- Alpine Skiing
Lebanese Alpine skier Chirine Njeim has gone from pioneer to pariah
Chirine Njeim is the second female Winter Olympian from Lebanon.
At the Salt Lake City and Vancouver Games, she was the country’s flag bearer at the Opening Ceremony. In 2005, she won bronze at the South American Cup in Chile. Once, she even shared the podium at a lower-level race with American Olympic stars Lindsey Vonn and Julia Mancuso.
For more than half of her life, Njeim has lived and breathed Alpine skiing and representing her country.
Today, she feels like an outcast.
As athletes around the globe begin final preparations for the Sochi Olympics, the 29-year-old is at home in Chicago wondering why she isn’t headed to her fourth Games and, more significantly, why she is being shunned by the Lebanese Ski Federation.
“To be at this point is disappointing,” Njeim said. “I am not sure why everything went against me.”
Embedded video_content_type: Vancouver Olympic flashback: Lebanon women take to slalom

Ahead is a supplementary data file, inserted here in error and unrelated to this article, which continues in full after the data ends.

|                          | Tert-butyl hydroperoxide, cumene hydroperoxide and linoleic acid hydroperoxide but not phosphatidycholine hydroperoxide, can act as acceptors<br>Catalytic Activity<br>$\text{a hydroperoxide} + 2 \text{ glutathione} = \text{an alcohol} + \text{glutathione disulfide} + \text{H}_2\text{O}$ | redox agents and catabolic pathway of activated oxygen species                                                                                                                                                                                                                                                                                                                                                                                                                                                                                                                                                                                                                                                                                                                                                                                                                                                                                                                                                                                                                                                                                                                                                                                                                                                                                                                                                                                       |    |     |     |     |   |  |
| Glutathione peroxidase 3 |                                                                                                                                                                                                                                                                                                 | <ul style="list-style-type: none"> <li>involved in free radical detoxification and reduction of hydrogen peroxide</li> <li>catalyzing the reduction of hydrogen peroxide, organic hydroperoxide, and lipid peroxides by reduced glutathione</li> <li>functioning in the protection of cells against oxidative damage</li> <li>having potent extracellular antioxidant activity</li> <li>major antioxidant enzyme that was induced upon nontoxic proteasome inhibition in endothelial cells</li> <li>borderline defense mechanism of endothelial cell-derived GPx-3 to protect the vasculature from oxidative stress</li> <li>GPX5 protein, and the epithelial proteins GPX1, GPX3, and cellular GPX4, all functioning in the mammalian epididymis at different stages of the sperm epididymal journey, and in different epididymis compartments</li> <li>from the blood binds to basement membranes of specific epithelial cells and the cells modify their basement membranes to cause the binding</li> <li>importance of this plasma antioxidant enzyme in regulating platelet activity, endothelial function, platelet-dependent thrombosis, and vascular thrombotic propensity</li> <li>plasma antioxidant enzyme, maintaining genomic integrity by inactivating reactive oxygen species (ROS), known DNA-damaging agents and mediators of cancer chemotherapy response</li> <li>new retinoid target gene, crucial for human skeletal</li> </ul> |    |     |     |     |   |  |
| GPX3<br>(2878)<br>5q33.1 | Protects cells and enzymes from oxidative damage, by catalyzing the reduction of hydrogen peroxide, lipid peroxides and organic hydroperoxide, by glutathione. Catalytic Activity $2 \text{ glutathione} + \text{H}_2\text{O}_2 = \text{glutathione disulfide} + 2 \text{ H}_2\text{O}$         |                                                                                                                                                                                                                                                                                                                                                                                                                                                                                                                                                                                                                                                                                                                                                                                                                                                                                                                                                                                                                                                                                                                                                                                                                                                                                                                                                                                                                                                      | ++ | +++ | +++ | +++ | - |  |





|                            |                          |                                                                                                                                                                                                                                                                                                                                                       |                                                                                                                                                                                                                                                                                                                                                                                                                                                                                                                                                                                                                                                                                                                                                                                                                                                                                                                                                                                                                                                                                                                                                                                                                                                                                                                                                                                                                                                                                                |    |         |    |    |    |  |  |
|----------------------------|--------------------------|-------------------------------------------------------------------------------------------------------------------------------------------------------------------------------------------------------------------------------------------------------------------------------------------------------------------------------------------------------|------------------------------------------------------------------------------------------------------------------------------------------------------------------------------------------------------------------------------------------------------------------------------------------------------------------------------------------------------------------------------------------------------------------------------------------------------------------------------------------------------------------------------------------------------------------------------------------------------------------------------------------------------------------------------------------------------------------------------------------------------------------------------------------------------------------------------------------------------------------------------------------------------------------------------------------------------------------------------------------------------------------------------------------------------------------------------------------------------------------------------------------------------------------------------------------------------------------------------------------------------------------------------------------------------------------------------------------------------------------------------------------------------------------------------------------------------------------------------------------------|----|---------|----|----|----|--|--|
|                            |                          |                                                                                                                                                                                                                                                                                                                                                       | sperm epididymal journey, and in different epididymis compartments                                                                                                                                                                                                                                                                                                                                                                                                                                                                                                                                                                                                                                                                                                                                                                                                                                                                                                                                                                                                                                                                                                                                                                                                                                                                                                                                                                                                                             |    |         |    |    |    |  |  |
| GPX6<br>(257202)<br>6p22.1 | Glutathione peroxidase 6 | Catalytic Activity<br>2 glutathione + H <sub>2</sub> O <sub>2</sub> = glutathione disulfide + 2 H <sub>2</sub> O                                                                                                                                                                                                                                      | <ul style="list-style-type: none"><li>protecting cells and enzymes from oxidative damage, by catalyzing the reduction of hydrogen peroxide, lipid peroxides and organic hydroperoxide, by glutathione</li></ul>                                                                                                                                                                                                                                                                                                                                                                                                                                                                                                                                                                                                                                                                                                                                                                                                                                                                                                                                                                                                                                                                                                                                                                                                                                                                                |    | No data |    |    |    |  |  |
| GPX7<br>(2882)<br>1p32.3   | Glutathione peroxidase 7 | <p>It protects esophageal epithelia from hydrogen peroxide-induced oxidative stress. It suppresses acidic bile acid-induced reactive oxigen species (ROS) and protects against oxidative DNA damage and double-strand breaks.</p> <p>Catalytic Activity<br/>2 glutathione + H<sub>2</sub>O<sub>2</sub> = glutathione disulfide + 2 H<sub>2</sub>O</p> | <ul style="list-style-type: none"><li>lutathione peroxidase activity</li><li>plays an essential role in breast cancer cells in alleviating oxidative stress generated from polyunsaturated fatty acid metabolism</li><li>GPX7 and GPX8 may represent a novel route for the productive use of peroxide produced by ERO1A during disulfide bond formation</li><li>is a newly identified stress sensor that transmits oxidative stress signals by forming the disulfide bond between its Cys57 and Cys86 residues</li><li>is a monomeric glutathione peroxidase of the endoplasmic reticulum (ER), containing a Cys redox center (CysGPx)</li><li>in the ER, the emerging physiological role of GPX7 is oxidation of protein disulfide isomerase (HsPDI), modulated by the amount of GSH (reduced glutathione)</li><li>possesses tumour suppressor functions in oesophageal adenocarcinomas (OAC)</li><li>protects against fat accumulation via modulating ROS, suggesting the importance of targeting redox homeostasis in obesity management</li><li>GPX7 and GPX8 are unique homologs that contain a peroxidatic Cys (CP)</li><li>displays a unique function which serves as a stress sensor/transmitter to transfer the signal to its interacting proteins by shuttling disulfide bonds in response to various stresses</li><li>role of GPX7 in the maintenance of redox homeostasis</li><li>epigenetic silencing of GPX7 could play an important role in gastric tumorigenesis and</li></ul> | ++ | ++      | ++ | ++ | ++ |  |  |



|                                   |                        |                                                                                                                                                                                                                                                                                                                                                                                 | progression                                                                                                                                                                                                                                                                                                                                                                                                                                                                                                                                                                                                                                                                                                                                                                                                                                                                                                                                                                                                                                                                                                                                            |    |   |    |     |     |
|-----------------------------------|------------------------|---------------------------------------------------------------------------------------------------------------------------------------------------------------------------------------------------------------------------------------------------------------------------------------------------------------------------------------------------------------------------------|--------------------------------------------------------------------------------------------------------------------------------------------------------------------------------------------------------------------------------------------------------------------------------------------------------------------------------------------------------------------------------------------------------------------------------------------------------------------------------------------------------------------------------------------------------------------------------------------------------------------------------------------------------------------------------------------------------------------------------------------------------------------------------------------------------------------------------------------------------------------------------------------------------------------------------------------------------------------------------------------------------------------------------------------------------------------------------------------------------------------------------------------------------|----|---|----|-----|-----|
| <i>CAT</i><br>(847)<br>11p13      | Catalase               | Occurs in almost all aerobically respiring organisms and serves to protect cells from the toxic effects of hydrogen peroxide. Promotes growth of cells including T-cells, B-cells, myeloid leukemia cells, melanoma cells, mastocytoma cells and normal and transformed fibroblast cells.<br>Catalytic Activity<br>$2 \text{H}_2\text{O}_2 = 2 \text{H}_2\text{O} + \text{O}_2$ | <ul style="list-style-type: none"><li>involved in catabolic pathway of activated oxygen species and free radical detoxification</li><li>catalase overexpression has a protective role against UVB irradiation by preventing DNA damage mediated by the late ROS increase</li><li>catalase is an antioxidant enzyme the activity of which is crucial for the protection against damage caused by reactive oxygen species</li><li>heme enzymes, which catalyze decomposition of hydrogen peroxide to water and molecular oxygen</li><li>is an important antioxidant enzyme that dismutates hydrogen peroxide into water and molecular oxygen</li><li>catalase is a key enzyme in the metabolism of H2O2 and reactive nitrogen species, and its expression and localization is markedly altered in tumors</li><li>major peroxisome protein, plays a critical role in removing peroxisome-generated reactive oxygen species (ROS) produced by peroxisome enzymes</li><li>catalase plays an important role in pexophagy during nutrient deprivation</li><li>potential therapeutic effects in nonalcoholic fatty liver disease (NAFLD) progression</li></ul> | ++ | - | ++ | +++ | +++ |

Jackie Chamoun, Njeim’s 2010 Olympic teammate, will be the lone female skier for Lebanon in Sochi. Since no Lebanese skiers rank in the top 500 in the world, based on points awarded for performance by the International Ski Federation (FIS), the country was allotted just one quota spot.
Njeim, however, said that she was told last year by her federation that the Olympic selection process would hinge not only on FIS points but also on results from the National Championships. She seemed like a lock after winning the giant slalom title by 3.41 seconds over teenager Natacha Mohbat and 5.78 seconds over Chamoun, and the slalom title by 2.29 seconds over Chamoun.
Two FIS races were held before the Nationals and three more afterward. Njeim skied out in the second run of one of those latter slaloms, a slip-up that she believes sealed her fate.
“I accept that Jackie is going and I am happy for my friend,” Njeim said. “But imagine if Lindsey Vonn fell in one random race and they told her, ‘You can’t go to the Olympics because you fell in this race,’ when she is the best skier out there and the person you need to represent your country.”
Freddy Kairouz, secretary general of the Lebanese Ski Federation, said it was made clear to Njeim that all of the races in Lebanon would count in the selection process.
“The Lebanese Championship in 2013 was based on the accumulation of points for all the races organized in Lebanon and not only the races classified under NC on the FIS website,” Kairouz wrote in an email. “The winners of the Lebanese Championship are Jackie Chamoun for slalom and Natacha Mohbat for giant slalom. I think Chirine was aware about the coefficient system because her club communicated the rules to her.”